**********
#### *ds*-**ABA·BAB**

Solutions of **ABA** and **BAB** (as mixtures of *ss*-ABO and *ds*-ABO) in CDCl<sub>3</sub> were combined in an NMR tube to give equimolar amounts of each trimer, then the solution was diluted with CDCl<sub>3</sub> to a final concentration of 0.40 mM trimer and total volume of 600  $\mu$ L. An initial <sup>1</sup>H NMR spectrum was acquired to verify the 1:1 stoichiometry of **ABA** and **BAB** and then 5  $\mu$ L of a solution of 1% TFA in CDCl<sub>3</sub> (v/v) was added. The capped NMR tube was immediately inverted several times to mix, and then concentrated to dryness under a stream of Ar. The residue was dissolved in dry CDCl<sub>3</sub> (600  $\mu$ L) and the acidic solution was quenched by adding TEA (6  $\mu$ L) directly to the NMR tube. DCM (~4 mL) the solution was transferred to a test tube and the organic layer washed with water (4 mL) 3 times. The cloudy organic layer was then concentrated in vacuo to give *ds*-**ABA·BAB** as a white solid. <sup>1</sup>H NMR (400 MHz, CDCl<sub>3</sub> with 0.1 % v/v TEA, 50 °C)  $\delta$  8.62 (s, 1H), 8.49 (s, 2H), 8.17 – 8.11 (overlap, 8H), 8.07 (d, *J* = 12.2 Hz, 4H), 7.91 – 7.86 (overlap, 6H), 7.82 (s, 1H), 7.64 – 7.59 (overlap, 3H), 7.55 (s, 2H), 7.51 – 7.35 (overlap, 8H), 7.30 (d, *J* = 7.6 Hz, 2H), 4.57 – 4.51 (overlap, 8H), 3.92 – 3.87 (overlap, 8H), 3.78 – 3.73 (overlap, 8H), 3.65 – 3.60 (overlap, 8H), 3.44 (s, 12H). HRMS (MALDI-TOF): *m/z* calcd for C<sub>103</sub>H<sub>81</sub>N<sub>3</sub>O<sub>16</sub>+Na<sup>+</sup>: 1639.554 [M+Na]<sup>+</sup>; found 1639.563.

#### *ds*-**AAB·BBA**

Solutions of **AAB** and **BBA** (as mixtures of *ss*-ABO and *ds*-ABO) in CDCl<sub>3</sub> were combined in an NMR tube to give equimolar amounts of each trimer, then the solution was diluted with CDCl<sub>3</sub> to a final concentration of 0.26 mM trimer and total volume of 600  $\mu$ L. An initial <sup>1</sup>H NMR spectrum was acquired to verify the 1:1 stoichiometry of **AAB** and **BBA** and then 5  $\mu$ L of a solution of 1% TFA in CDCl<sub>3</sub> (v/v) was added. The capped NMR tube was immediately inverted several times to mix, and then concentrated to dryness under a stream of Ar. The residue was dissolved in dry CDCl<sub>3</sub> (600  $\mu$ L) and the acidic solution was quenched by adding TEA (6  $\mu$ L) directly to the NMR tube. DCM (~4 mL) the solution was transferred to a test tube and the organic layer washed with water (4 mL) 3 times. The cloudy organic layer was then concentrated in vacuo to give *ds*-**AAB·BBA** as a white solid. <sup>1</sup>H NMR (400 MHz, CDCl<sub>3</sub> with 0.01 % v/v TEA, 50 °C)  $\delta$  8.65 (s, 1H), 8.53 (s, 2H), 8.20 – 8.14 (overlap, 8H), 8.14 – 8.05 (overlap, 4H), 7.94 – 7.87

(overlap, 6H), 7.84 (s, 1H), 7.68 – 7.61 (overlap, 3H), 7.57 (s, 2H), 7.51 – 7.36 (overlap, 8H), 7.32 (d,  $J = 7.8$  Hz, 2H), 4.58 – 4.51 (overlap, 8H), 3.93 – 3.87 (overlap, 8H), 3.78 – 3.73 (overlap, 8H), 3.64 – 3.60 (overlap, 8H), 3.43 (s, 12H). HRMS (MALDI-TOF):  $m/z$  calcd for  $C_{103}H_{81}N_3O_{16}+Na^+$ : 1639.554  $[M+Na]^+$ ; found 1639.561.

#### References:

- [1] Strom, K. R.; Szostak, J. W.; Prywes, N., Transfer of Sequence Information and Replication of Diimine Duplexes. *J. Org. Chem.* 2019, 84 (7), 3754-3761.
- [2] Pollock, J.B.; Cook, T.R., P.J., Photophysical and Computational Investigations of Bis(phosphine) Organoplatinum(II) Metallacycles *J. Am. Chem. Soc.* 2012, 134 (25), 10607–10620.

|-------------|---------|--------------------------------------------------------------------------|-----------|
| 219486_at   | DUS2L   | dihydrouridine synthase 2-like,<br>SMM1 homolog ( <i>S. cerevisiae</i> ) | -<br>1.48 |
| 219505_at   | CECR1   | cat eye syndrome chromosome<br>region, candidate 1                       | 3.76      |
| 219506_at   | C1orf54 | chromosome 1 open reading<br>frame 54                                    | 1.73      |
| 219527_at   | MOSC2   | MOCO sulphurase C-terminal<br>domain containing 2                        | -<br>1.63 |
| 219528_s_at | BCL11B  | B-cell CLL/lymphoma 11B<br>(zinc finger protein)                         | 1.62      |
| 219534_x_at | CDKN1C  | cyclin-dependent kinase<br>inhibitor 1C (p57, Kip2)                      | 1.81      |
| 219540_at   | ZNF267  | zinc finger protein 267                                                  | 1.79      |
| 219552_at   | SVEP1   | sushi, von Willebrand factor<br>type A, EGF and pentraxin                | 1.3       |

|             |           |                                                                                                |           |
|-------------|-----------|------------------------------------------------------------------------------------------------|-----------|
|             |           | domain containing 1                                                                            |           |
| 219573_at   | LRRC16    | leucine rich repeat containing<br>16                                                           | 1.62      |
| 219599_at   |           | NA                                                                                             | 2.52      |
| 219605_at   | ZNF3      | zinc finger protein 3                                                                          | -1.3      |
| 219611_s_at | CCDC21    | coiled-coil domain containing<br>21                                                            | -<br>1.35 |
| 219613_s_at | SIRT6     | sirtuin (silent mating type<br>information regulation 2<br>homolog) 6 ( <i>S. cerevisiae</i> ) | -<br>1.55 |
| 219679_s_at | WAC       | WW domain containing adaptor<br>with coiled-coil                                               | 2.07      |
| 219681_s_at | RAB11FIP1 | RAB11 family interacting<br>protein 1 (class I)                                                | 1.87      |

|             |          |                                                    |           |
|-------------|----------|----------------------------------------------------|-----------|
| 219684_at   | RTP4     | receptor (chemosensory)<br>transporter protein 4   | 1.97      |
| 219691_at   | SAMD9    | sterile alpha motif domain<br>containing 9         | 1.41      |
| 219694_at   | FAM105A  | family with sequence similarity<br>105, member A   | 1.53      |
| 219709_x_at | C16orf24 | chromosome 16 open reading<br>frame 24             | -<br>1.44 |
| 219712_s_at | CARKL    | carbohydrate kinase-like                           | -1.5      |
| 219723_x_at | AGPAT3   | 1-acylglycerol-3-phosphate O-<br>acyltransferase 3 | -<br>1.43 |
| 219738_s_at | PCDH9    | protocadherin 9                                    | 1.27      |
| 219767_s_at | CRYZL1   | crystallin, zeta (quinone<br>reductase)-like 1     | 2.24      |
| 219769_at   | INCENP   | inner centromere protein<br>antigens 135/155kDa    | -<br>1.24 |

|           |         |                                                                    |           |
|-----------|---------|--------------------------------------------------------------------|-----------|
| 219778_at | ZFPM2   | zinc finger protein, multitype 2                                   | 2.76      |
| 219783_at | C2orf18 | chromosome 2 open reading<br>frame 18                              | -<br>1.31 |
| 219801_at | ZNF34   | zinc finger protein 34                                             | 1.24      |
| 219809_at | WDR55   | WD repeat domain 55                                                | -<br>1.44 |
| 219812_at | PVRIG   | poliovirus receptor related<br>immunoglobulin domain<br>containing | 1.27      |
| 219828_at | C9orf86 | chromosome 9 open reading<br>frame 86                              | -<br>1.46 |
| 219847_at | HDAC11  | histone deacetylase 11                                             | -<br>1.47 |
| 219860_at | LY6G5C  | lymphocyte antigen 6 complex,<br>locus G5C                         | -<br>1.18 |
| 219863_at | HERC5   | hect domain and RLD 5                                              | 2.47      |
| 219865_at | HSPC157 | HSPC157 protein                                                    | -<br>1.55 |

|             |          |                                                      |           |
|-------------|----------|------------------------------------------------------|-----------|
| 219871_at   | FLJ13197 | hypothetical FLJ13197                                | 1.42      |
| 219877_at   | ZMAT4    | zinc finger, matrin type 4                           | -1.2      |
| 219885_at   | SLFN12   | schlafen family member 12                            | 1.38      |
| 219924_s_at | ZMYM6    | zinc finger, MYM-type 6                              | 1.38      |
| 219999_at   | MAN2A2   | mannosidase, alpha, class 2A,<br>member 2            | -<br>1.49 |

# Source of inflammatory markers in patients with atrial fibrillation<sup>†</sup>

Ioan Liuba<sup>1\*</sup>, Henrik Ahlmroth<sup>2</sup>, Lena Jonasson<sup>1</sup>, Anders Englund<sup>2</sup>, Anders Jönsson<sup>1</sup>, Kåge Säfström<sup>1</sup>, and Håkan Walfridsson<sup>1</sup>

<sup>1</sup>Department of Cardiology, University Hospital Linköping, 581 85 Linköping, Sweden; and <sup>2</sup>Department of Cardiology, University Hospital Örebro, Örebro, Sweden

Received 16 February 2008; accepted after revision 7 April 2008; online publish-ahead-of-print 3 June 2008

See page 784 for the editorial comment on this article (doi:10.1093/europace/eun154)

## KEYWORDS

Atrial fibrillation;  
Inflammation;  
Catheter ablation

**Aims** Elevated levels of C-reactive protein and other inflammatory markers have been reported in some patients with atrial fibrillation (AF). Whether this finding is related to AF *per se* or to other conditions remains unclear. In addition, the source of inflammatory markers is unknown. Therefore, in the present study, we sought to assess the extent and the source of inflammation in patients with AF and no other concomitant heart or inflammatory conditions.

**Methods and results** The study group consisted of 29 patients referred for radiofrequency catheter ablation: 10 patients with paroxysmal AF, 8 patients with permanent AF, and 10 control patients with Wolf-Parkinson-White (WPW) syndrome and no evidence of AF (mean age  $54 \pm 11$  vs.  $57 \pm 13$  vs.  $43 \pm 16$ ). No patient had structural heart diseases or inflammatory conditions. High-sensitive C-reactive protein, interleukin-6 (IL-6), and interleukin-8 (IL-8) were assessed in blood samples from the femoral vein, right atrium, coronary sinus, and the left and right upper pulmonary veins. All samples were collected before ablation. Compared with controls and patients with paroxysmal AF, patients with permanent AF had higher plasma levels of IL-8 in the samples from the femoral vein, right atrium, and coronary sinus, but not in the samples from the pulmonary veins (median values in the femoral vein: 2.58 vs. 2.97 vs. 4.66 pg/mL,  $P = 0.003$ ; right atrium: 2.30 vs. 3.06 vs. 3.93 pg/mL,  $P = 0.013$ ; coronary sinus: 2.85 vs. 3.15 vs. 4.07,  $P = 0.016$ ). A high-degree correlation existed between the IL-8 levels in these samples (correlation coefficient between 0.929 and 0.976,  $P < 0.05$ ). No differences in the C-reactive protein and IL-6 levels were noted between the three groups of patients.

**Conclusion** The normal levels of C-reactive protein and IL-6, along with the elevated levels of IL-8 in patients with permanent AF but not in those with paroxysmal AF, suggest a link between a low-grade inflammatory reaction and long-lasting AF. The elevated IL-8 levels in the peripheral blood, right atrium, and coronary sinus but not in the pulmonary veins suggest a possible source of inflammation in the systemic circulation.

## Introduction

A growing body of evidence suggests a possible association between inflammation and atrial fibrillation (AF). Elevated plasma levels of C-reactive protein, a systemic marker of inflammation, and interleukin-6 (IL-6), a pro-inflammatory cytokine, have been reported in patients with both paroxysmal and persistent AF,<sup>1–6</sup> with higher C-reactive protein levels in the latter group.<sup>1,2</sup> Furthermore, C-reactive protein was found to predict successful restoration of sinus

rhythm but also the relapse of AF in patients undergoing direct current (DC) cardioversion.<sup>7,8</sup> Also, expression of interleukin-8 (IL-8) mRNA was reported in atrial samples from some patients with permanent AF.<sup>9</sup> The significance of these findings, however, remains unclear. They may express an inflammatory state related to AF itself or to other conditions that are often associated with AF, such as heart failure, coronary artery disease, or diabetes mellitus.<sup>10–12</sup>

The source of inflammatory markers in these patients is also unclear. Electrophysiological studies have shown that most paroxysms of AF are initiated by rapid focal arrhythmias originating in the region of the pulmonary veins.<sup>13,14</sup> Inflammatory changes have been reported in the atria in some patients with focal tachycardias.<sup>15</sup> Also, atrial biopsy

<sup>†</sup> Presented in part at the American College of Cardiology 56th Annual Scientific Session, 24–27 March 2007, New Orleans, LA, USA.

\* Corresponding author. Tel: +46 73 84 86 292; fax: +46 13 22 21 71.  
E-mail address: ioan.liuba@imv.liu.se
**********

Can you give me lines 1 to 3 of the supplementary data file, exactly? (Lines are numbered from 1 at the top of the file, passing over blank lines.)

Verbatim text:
#### *ds*-**ABA·BAB**

Solutions of **ABA** and **BAB** (as mixtures of *ss*-ABO and *ds*-ABO) in CDCl<sub>3</sub> were combined in an NMR tube to give equimolar amounts of each trimer, then the solution was diluted with CDCl<sub>3</sub> to a final concentration of 0.40 mM trimer and total volume of 600  $\mu$ L. An initial <sup>1</sup>H NMR spectrum was acquired to verify the 1:1 stoichiometry of **ABA** and **BAB** and then 5  $\mu$ L of a solution of 1% TFA in CDCl<sub>3</sub> (v/v) was added. The capped NMR tube was immediately inverted several times to mix, and then concentrated to dryness under a stream of Ar. The residue was dissolved in dry CDCl<sub>3</sub> (600  $\mu$ L) and the acidic solution was quenched by adding TEA (6  $\mu$ L) directly to the NMR tube. DCM (~4 mL) the solution was transferred to a test tube and the organic layer washed with water (4 mL) 3 times. The cloudy organic layer was then concentrated in vacuo to give *ds*-**ABA·BAB** as a white solid. <sup>1</sup>H NMR (400 MHz, CDCl<sub>3</sub> with 0.1 % v/v TEA, 50 °C)  $\delta$  8.62 (s, 1H), 8.49 (s, 2H), 8.17 – 8.11 (overlap, 8H), 8.07 (d, *J* = 12.2 Hz, 4H), 7.91 – 7.86 (overlap, 6H), 7.82 (s, 1H), 7.64 – 7.59 (overlap, 3H), 7.55 (s, 2H), 7.51 – 7.35 (overlap, 8H), 7.30 (d, *J* = 7.6 Hz, 2H), 4.57 – 4.51 (overlap, 8H), 3.92 – 3.87 (overlap, 8H), 3.78 – 3.73 (overlap, 8H), 3.65 – 3.60 (overlap, 8H), 3.44 (s, 12H). HRMS (MALDI-TOF): *m/z* calcd for C<sub>103</sub>H<sub>81</sub>N<sub>3</sub>O<sub>16</sub>+Na<sup>+</sup>: 1639.554 [M+Na]<sup>+</sup>; found 1639.563.

#### *ds*-**AAB·BBA**